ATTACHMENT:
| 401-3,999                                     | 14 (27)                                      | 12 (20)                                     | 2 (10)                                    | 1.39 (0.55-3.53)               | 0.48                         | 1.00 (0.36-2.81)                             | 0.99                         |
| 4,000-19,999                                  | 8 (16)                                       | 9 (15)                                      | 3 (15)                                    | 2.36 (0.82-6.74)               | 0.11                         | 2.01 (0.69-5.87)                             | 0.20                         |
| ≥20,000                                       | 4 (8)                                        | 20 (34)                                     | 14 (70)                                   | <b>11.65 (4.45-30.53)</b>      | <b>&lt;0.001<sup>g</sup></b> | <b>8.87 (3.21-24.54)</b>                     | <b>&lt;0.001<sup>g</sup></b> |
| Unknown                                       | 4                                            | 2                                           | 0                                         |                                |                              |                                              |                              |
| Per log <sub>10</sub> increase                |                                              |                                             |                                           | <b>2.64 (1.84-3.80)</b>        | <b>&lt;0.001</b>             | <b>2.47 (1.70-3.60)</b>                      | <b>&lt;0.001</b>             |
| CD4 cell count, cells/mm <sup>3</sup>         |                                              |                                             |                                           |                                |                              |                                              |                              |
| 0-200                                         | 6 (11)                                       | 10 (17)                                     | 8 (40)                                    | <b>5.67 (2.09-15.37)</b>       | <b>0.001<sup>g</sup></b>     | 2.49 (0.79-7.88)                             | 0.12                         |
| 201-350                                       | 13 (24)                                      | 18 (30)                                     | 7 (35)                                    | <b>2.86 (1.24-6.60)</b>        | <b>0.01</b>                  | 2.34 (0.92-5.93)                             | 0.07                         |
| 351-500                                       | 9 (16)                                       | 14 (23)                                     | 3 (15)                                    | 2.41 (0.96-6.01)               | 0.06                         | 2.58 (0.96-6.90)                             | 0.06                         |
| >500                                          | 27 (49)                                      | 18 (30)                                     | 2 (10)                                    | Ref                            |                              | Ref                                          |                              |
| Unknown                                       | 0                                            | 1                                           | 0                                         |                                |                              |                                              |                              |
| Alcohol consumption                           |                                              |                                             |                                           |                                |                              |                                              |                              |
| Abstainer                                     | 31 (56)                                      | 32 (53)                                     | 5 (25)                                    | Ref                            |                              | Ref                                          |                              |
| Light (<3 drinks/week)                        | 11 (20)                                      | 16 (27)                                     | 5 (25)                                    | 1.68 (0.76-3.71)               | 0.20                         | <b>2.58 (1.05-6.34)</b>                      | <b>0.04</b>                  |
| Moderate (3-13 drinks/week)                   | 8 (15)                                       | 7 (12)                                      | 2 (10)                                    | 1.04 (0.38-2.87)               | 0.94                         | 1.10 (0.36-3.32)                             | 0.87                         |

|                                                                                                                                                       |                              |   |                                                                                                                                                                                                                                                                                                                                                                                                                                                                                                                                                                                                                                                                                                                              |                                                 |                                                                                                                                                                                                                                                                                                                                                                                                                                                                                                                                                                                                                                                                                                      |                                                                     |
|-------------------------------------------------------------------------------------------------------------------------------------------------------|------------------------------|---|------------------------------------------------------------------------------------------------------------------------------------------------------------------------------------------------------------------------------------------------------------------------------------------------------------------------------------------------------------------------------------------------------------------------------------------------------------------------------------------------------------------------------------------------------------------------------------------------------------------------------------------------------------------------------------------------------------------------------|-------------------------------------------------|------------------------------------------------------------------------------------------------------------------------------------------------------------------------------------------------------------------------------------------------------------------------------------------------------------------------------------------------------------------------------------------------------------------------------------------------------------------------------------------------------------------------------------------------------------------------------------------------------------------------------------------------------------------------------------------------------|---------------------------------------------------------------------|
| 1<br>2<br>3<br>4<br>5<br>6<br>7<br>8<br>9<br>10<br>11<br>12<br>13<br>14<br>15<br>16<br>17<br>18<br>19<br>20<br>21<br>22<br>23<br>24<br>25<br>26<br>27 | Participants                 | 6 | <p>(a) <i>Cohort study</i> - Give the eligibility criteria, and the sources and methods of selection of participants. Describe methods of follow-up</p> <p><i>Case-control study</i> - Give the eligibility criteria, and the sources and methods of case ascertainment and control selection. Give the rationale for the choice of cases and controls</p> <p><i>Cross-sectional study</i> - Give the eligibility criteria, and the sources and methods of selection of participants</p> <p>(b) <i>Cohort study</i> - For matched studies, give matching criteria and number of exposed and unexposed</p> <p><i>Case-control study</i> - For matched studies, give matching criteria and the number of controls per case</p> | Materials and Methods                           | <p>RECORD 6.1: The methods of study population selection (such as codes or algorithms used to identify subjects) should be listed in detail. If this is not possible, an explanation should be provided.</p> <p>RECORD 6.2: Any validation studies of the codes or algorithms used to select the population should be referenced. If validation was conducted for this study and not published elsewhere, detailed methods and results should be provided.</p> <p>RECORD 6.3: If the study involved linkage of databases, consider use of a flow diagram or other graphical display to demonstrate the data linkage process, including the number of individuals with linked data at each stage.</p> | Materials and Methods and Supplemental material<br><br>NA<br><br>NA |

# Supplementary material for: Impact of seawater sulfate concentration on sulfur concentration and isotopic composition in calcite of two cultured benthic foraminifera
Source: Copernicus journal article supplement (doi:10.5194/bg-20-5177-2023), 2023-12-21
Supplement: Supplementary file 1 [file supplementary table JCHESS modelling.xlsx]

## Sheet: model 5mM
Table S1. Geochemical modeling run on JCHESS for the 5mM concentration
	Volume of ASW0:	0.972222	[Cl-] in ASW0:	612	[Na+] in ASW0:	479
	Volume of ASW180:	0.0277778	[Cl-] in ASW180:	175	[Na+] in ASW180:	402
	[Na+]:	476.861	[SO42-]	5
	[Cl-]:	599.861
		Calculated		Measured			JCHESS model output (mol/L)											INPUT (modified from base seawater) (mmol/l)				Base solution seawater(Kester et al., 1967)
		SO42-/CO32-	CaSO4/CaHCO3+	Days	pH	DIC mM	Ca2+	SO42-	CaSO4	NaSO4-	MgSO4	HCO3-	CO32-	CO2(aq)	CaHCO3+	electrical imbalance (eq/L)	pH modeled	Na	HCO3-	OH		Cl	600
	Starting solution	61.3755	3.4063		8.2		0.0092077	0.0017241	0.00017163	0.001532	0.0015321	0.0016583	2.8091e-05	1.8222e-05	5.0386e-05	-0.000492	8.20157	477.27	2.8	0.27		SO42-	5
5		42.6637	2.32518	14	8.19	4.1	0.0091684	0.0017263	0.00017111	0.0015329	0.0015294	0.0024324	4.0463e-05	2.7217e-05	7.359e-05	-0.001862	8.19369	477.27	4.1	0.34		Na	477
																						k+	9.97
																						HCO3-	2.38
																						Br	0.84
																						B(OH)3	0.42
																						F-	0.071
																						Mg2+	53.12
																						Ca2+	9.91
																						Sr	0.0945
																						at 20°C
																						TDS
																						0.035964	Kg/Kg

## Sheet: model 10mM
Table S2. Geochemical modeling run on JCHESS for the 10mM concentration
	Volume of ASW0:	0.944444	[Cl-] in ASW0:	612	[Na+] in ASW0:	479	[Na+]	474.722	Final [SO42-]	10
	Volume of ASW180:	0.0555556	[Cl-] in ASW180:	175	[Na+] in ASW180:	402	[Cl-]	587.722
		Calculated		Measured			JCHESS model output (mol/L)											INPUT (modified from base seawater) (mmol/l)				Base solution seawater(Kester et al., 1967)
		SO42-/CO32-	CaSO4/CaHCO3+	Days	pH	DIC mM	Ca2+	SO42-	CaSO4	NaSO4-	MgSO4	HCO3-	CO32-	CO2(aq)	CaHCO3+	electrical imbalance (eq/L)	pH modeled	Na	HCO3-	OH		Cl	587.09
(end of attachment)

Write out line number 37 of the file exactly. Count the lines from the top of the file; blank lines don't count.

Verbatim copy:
																						Mg2+	53.12